I've got this one that works pretty well. Don't forget to get calibration and storage solutions as well.

 

jambop

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Don't suppose anyone could recommend a ph reader of suitable quality, that isn't going to cost the earth? I'm just using a cheap one off amazon that cost about £12

Honestly... save your money. I have worked in laboratories all my working life and a decent pH meter is going to cost a lot of money. Yes you will see them for £50 to a £100 but they do not last long and are unreliable. Your best bet is to buy a Salifert total alkalinity kit off Amazon costs about £15 with that you can test your brew water about 150 times. With the alkalinity figure you can use the water calculator I posted on this thread and treat your water with CRS and standard salts to get the water profile right. The Salifert test kit is simple to use as well within 5 minutes you know the alkalinity of the raw water and are ready to go. I don't get the need to test the pH of the mash as long as you have the alkalinity of the brewing water right at the start of the mashing process it should be good for the conversion.
 

Bassman2003

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I think pH meters are a good relative measurement even if they are not super accurate. Over time you can taste and see the results and adjust accordingly. It is all a learning process. I brewed for many years not thinking about pH, now I do. If the topic holds your interest, then pursue it. Buy the $70 meter and good calibration/storage solution and start learning. From that perspective it is absolutely worth it. Just keep the tip in storage solution and change the solution from time to time. That is the main area where the meter will fail.

Totally agree about the alkalinity kit as well. Low cost and large improvement possibilities. You can easily do both and see how much your beer improves.
 
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chez1987

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I'm finding that calculator a little confusing

i have entered my alkalinity as 20ppm as caco3, but I'm unsure what goes in the carbonate reduction method box?

I have entered my water profile and the target profile, but I'm getting a warning message saying your final and target liquor differs by over 10%, the difference being the carbonate value, my target was 40 but the final is saying 16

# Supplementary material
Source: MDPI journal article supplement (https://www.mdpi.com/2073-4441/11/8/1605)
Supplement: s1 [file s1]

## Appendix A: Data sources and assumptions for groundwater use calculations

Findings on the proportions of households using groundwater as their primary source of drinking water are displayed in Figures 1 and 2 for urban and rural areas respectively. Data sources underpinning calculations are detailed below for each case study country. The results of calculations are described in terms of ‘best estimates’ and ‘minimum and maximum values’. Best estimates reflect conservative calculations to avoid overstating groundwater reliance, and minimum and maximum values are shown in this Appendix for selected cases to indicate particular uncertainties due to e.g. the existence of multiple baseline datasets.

My bottled water values are...

ca 11
Mg 4
Na 10
Cl 14
So 11
hco 25

Its giving me salt additions that look roughly the same amounts as brewfather app, Its not giving me any CRS additions.

Sorry this is all a bit confusing for me 😂

Honestly... save your money. I have worked in laboratories all my working life and a decent pH meter is going to cost a lot of money. Yes you will see them for £50 to a £100 but they do not last long and are unreliable. Your best bet is to buy a Salifert total alkalinity kit off Amazon costs about £15 with that you can test your brew water about 150 times. With the alkalinity figure you can use the water calculator I posted on this thread and treat your water with CRS and standard salts to get the water profile right. The Salifert test kit is simple to use as well within 5 minutes you know the alkalinity of the raw water and are ready to go. I don't get the need to test the pH of the mash as long as you have the alkalinity of the brewing water right at the start of the mashing process it should be good for the conversion.
 

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My bottled water values are...

ca 11
Mg 4
Na 10
Cl 14
So 11
hco 25
Is this a report you made (i.e. Ward's Lab) or values from their website? If the latter do you have a link?

Maybe list your recipe and exactly what you added. Someone should be able to say where it looks like things went wrong.
 
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chez1987

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Is this a report you made (i.e. Ward's Lab) or values from their website? If the latter do you have a link?

Maybe list your recipe and exactly what you added. Someone should be able to say where it looks like things went wrong.
Those are the figures given on the side of the bottle.

I tried to copy the link to the recipe but It's not working on my phone. Its siren soundwave ipa recipe kit

I added 10.6 gypsum, 4.6 Epsom salt and 2.3 calcium chloride as per the brewfather app calcs
 

cire

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I'm finding that calculator a little confusing

i have entered my alkalinity as 20ppm as caco3, but I'm unsure what goes in the carbonate reduction method box?

I have entered my water profile and the target profile, but I'm getting a warning message saying your final and target liquor differs by over 10%, the difference being the carbonate value, my target was 40 but the final is saying 16

My bottled water values are...

ca 11
Mg 4
Na 10
Cl 14
So 11
hco 25

Its giving me salt additions that look roughly the same amounts as brewfather app, Its not giving me any CRS additions.

Sorry this is all a bit confusing for me 😂


Enter your alkalinity into the box at the very top left and it will populate the one in the table.

I've used the analysis from the Tesco website.

A.JPEG


There is an moderate imbalance in the water's natural mineral content, but that isn't totally unusual when the ion levels are low. Adding potassium and nitrate reduced the discrepancy to 0.08 meq/L, I think.